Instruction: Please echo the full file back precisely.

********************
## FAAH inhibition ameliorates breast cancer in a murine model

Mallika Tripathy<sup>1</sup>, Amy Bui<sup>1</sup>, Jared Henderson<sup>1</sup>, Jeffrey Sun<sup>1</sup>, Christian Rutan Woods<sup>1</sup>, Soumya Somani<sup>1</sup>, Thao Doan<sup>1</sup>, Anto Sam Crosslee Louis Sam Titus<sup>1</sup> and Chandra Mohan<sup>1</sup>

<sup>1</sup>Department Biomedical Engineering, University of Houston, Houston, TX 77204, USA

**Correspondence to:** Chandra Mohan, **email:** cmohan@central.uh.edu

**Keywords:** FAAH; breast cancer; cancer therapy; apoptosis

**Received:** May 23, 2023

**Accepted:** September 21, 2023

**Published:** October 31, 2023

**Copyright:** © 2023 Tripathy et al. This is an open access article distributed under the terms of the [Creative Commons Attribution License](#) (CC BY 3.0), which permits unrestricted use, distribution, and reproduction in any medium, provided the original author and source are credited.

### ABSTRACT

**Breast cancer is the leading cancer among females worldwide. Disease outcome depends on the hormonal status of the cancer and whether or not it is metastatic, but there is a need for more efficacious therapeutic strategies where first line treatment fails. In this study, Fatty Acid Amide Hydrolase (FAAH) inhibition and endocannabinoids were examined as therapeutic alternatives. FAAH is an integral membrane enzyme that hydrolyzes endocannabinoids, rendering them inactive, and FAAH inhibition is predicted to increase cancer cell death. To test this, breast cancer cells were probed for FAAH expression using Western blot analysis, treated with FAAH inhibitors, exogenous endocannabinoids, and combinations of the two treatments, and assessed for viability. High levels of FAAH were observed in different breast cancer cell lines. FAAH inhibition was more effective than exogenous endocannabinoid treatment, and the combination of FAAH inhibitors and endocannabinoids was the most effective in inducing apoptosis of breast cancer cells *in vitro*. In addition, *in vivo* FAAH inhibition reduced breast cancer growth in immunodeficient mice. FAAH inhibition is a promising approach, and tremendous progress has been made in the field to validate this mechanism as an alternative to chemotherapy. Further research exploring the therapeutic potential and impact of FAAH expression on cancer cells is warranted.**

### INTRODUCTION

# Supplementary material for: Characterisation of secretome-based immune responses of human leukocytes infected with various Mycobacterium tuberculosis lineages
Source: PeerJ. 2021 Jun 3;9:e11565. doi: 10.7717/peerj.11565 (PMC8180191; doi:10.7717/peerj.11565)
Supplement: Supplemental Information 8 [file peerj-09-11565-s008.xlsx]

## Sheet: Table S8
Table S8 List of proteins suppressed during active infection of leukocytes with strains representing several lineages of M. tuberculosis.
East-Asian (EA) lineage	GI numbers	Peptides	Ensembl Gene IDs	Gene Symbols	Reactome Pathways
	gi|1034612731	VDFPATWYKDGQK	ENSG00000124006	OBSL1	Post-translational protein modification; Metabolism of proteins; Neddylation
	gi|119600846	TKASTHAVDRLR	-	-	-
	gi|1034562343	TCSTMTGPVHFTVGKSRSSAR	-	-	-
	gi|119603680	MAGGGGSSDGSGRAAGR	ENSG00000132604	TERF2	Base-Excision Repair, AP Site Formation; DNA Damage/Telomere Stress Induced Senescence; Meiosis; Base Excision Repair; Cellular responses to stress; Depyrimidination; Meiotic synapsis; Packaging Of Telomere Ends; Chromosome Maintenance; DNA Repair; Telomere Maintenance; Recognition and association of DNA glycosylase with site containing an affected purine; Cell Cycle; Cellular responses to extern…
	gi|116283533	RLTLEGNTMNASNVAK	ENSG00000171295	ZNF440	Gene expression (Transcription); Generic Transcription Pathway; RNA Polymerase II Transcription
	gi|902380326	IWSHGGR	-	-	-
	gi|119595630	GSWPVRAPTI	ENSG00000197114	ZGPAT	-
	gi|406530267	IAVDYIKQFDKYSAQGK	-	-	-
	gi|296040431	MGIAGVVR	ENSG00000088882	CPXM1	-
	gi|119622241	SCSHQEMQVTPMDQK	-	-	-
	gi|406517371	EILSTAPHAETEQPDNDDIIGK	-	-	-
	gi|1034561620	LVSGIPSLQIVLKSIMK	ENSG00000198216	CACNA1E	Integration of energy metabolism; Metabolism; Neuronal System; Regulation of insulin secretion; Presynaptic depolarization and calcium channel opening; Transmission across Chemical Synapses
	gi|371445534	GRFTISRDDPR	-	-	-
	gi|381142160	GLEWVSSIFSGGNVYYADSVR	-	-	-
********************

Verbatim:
## FAAH inhibition ameliorates breast cancer in a murine model

Mallika Tripathy<sup>1</sup>, Amy Bui<sup>1</sup>, Jared Henderson<sup>1</sup>, Jeffrey Sun<sup>1</sup>, Christian Rutan Woods<sup>1</sup>, Soumya Somani<sup>1</sup>, Thao Doan<sup>1</sup>, Anto Sam Crosslee Louis Sam Titus<sup>1</sup> and Chandra Mohan<sup>1</sup>

<sup>1</sup>Department Biomedical Engineering, University of Houston, Houston, TX 77204, USA

**Correspondence to:** Chandra Mohan, **email:** cmohan@central.uh.edu

**Keywords:** FAAH; breast cancer; cancer therapy; apoptosis

**Received:** May 23, 2023

**Accepted:** September 21, 2023

**Published:** October 31, 2023

**Copyright:** © 2023 Tripathy et al. This is an open access article distributed under the terms of the [Creative Commons Attribution License](#) (CC BY 3.0), which permits unrestricted use, distribution, and reproduction in any medium, provided the original author and source are credited.

### ABSTRACT

**Breast cancer is the leading cancer among females worldwide. Disease outcome depends on the hormonal status of the cancer and whether or not it is metastatic, but there is a need for more efficacious therapeutic strategies where first line treatment fails. In this study, Fatty Acid Amide Hydrolase (FAAH) inhibition and endocannabinoids were examined as therapeutic alternatives. FAAH is an integral membrane enzyme that hydrolyzes endocannabinoids, rendering them inactive, and FAAH inhibition is predicted to increase cancer cell death. To test this, breast cancer cells were probed for FAAH expression using Western blot analysis, treated with FAAH inhibitors, exogenous endocannabinoids, and combinations of the two treatments, and assessed for viability. High levels of FAAH were observed in different breast cancer cell lines. FAAH inhibition was more effective than exogenous endocannabinoid treatment, and the combination of FAAH inhibitors and endocannabinoids was the most effective in inducing apoptosis of breast cancer cells *in vitro*. In addition, *in vivo* FAAH inhibition reduced breast cancer growth in immunodeficient mice. FAAH inhibition is a promising approach, and tremendous progress has been made in the field to validate this mechanism as an alternative to chemotherapy. Further research exploring the therapeutic potential and impact of FAAH expression on cancer cells is warranted.**

### INTRODUCTION

# Supplementary material for: Characterisation of secretome-based immune responses of human leukocytes infected with various Mycobacterium tuberculosis lineages
Source: PeerJ. 2021 Jun 3;9:e11565. doi: 10.7717/peerj.11565 (PMC8180191; doi:10.7717/peerj.11565)
Supplement: Supplemental Information 8 [file peerj-09-11565-s008.xlsx]

## Sheet: Table S8
Table S8 List of proteins suppressed during active infection of leukocytes with strains representing several lineages of M. tuberculosis.
East-Asian (EA) lineage	GI numbers	Peptides	Ensembl Gene IDs	Gene Symbols	Reactome Pathways
	gi|1034612731	VDFPATWYKDGQK	ENSG00000124006	OBSL1	Post-translational protein modification; Metabolism of proteins; Neddylation
	gi|119600846	TKASTHAVDRLR	-	-	-
	gi|1034562343	TCSTMTGPVHFTVGKSRSSAR	-	-	-
	gi|119603680	MAGGGGSSDGSGRAAGR	ENSG00000132604	TERF2	Base-Excision Repair, AP Site Formation; DNA Damage/Telomere Stress Induced Senescence; Meiosis; Base Excision Repair; Cellular responses to stress; Depyrimidination; Meiotic synapsis; Packaging Of Telomere Ends; Chromosome Maintenance; DNA Repair; Telomere Maintenance; Recognition and association of DNA glycosylase with site containing an affected purine; Cell Cycle; Cellular responses to extern…
	gi|116283533	RLTLEGNTMNASNVAK	ENSG00000171295	ZNF440	Gene expression (Transcription); Generic Transcription Pathway; RNA Polymerase II Transcription
	gi|902380326	IWSHGGR	-	-	-
	gi|119595630	GSWPVRAPTI	ENSG00000197114	ZGPAT	-
	gi|406530267	IAVDYIKQFDKYSAQGK	-	-	-
	gi|296040431	MGIAGVVR	ENSG00000088882	CPXM1	-
	gi|119622241	SCSHQEMQVTPMDQK	-	-	-
	gi|406517371	EILSTAPHAETEQPDNDDIIGK	-	-	-
	gi|1034561620	LVSGIPSLQIVLKSIMK	ENSG00000198216	CACNA1E	Integration of energy metabolism; Metabolism; Neuronal System; Regulation of insulin secretion; Presynaptic depolarization and calcium channel opening; Transmission across Chemical Synapses
	gi|371445534	GRFTISRDDPR	-	-	-
	gi|381142160	GLEWVSSIFSGGNVYYADSVR	-	-	-